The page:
How Zionism is pitting Jewish parties against each other

The Arab parties have understood that they better stick together so that they don’t crash into pieces like the Jewish parties – all because of the hysteria over being the most Jewish-Zionist-Israeli of all.

By Gila Zamir / ‘The 7th Eye

Tzipi Livni, Benjamin Netanyahu, Naftali Bennett (Photos by Activestills, GPO)
Tzipi Livni, Benjamin Netanyahu, Naftali Bennett (Photos by Activestills, GPO)

A few years ago, a salad company aired a commercial that played on a famous rivalry between the owners of different hummus restaurants in the Arab town of Abu Ghosh. Each owner claimed that his restaurant was the “original Abu Shukri.” At the height of the rivalry, Jacque Cohen, a Mizrahi Jew and spokesperson for the salad company, succeeded in uniting the restaurants, bringing peace to the town and appropriating their brand to sell in supermarkets. Because hummus, as the slogan goes “is made with love, or isn’t made at all.” And we, of course, are the only nation that aspires to peace and loves hummus. The name of the company, as you may remember, was “Sabra.”

Eighteen years ago, Benjamin Netanyahu whispered to renowned Rabbi Kaduri that “the Left has forgotten what it is to be a Jew.” Netanyahu, who pounced on the prime ministership after Rabin’s murder, demanded that Jews who live in Israel must prove their Judaism: it isn’t enough to be Jewish according to halakha (Jewish law) or undergo circumcision. It turns out that there is a Likud Jewmeter that re-defines who is a Jew. Supporting Benjamin Netanyahu? Required. Becoming a fan of the Beitar Yerushalayim soccer team? Advisable.

Many of Israel’s residents failed to meet these new criteria, but it was too late: the competition over who is a real Jew had begun. Over the years, all of our principles and vital assets were pulled out of the national closet in order to re-define who is a Jew/Israeli/Zionist. As time passes, the different camps splinter off and the definitions become evermore distinct.

The Holocaust, which was seen as a holy, consensus issue, was also enlisted in order to connect Israelis to Judaism. In 1988 Avraham Hirschson, a Likud political operative, established the “March of the Living” project. Since then, many Israeli high schoolers have traveled to Nazi death camps just before their enlistment into the army. Whether the journey has enriched their Jewish-Israeli identity or has simply given them the opportunity to enjoy their time in Krakow is a subject of great debate.

March of the Living was good business for a variety of groups: from the army, which recruited soldiers who were motivated to save the Jewish people from another Holocaust, to travel companies and different businesses. Several years ago, Hirschson (who by that point became Israel’s finance minister) was asked to explain what happened to his luggage, which came back from Poland with large sums of cash. Hirschson was also accused of dipping into public funds for his own personal use, and was eventually sent to prison for five years.

Israeli high school students visit the Birkenau concentration camp in Poland. (Photo by Borzywoj /
Israeli high school students visit the Birkenau concentration camp in Poland. (Photo by Borzywoj /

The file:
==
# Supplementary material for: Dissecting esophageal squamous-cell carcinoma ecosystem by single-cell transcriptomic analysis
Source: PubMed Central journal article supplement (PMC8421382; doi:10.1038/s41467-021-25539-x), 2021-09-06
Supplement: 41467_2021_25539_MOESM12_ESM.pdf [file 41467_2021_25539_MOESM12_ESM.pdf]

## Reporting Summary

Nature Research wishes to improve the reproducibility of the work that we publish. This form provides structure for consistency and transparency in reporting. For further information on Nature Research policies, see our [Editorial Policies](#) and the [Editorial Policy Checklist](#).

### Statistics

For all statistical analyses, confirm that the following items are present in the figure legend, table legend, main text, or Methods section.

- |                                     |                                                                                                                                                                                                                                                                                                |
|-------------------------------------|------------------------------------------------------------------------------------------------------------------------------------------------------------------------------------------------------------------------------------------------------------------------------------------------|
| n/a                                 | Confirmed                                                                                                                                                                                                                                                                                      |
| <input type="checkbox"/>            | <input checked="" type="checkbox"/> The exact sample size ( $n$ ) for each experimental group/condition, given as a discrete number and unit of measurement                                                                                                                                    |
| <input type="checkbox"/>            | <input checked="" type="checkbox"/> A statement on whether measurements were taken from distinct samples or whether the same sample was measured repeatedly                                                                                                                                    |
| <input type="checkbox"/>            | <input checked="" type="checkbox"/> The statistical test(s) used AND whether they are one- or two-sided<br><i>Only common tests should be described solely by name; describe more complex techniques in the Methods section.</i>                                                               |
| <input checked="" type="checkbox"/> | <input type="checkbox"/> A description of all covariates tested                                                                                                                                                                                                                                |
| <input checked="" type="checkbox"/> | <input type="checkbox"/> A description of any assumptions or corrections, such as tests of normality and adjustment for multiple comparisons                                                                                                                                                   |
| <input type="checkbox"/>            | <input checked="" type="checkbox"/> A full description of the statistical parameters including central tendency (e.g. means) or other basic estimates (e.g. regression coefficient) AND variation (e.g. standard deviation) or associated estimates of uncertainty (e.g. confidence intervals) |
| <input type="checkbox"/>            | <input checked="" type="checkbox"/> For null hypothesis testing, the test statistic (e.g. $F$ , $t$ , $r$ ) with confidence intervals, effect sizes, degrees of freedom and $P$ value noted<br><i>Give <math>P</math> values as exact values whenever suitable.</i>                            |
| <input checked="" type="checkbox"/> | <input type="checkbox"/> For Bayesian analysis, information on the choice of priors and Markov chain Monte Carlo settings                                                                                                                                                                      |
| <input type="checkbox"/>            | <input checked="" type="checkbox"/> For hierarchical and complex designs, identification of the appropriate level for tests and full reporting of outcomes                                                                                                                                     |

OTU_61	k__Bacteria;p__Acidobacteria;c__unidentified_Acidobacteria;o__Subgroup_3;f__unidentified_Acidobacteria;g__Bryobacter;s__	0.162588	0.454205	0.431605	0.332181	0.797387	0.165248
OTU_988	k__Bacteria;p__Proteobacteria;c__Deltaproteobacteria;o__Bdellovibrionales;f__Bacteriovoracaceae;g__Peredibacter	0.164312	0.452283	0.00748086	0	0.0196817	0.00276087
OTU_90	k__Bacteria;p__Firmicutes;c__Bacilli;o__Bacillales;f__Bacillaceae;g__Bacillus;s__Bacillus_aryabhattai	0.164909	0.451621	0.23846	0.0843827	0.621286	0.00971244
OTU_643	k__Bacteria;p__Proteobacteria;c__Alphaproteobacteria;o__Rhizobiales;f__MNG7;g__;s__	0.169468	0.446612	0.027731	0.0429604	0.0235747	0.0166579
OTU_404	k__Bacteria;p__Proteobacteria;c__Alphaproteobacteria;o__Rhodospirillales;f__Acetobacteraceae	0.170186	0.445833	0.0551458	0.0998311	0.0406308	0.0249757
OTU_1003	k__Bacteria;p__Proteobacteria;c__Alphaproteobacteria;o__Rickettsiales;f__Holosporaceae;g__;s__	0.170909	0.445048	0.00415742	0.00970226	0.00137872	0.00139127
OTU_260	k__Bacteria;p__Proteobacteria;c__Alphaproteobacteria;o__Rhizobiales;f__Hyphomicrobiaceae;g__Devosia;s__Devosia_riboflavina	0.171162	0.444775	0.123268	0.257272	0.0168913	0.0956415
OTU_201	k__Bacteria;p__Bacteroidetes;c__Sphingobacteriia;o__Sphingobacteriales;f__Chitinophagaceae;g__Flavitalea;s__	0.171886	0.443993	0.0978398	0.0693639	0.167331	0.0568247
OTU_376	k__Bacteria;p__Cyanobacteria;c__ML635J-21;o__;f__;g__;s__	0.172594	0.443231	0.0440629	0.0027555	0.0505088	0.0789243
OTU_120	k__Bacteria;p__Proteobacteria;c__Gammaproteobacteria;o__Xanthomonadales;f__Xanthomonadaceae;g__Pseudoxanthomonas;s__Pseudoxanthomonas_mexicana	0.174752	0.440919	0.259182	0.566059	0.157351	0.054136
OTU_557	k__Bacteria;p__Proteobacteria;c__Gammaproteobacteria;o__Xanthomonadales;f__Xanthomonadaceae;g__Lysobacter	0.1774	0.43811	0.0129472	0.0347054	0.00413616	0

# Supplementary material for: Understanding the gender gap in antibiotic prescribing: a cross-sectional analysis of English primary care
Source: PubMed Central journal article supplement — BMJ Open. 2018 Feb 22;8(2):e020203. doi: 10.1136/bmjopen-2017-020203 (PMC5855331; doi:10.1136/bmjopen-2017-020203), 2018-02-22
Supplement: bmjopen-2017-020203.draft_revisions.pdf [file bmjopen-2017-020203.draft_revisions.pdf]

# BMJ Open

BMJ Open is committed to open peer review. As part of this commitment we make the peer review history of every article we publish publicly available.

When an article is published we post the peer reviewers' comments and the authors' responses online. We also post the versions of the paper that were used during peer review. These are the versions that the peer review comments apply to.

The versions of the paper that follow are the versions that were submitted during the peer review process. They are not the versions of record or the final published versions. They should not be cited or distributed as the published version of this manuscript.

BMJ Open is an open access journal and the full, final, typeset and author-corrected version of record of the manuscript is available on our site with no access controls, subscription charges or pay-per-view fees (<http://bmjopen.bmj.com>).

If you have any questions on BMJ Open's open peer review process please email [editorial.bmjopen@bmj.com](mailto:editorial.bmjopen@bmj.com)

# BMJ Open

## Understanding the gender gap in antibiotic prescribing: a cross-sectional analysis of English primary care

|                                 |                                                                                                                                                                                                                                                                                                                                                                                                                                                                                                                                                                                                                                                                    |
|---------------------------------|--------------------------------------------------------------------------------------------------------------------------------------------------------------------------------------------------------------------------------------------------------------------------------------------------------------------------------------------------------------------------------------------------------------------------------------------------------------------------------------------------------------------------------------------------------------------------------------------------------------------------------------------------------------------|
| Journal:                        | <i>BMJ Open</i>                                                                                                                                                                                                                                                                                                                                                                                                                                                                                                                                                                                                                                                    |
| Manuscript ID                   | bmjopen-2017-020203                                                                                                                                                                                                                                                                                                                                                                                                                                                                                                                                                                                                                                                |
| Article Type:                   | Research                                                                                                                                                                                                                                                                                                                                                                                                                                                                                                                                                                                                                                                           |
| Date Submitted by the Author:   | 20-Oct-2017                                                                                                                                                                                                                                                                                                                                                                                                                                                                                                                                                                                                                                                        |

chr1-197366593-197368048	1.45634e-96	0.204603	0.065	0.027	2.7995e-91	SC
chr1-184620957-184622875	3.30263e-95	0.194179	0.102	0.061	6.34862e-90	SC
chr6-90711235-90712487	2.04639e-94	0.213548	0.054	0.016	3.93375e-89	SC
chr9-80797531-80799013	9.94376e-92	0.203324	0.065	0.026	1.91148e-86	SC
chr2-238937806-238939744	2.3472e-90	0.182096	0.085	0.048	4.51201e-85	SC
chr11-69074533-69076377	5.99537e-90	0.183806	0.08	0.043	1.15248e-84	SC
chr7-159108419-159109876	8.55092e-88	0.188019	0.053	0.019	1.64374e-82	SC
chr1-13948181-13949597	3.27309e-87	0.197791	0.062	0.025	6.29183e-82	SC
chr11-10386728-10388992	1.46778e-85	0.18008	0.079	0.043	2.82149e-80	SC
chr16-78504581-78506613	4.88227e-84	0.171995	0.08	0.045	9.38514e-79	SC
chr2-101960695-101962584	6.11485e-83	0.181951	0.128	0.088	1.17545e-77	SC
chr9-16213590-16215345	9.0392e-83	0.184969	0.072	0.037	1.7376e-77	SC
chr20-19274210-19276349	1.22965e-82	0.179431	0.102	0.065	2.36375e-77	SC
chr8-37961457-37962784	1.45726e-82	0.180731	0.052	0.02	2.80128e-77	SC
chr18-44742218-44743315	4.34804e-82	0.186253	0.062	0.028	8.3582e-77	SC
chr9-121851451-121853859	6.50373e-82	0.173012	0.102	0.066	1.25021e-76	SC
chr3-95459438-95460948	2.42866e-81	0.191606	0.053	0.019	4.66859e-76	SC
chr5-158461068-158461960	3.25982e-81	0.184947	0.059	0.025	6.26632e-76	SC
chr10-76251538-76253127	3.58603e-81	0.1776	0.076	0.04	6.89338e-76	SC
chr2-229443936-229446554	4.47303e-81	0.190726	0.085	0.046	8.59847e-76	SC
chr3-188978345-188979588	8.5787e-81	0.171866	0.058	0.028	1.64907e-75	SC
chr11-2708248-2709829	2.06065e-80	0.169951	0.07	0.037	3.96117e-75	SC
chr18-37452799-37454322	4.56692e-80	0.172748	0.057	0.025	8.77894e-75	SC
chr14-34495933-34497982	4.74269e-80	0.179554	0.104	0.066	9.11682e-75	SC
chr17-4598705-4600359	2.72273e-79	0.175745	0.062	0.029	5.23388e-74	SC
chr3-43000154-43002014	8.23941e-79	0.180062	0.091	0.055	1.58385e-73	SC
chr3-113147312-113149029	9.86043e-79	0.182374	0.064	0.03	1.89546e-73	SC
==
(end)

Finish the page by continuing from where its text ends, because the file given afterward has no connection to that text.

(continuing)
As time went by, the Holocaust turned into an easy-to-use natural resource, especially when it came to mobilizing public opinion and emotional manipulations (“a Second Holocaust,” “Auschwitz borders,” “ghetto”). Holocaust survivors were forgotten in the national closet – they did not receive compensation; many of them lived in poverty and loneliness; and others were unable to scrape by on the bare minimum. The Holocaust is nice when it is used as a political tool, yelled during soccer games or tugs at the heartstrings of the non-Jews. But money? We need that for security, deepening Jewish identity and the prime minister’s travels outside the borders of the ghetto to prevent a Second Holocaust.

There was a war here last summer. Bombs were dropped everywhere, people died, were wounded and/or lost their homes and properties. Israelis took to the streets for another round in the competition over who is Jewish/Zionist. My Arab neighbor (we live in Haifa) told me: “When I saw my neighbor wrapped in an Israeli flag, yelling at protesters who were calling for maintaining public sanity (a Holocaust survivor among them): ‘You anti-Semitic Nazis! It’s a shame that they didn’t finish you off in the gas chambers of Auschwitz!’ I knew that I have nothing to worry about. You are the ones who must worry –  you are the ones who are not seen as Jewish and Zionist enough.”

“I am the real Zionist, and I will not apologize for that,” claim Bennett and his ilk; “I am a Zionist and I am not ashamed,” yells Miri Regev while waving an Israeli flag in the teachers’ room in Kfar Saba; “I am the real Zionist and they are the anti-,” says Netanyahu from his king-sized bed on his plane or from his pool in Caesarea; “No loyalty – no citizenship,” says Liberman, while his former party members sit in police investigation rooms; “We are the Zionist Camp,” say members of the ‘Zionist Camp/Labor/Hatnuah, while pledging allegiance in their viral videos; Yair Lapid is, obviously, the new Israeli, and the members of the ultra-Orthodox don’t really care, since they are the real Jews anyway.

Arab members of Knesset heeded Jacque Cohen’s call for unity. They understood that what isn’t done out of love for survival, isn’t done at all, and that they better stick together instead of crashing into pieces like the Yahud are doing, all due to the hysteria over being considered the most Jewish-Zionist-Israeli of all.

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This article was first published in Hebrew by The 7th Eye media watchdog website. It is reproduced here with permission.

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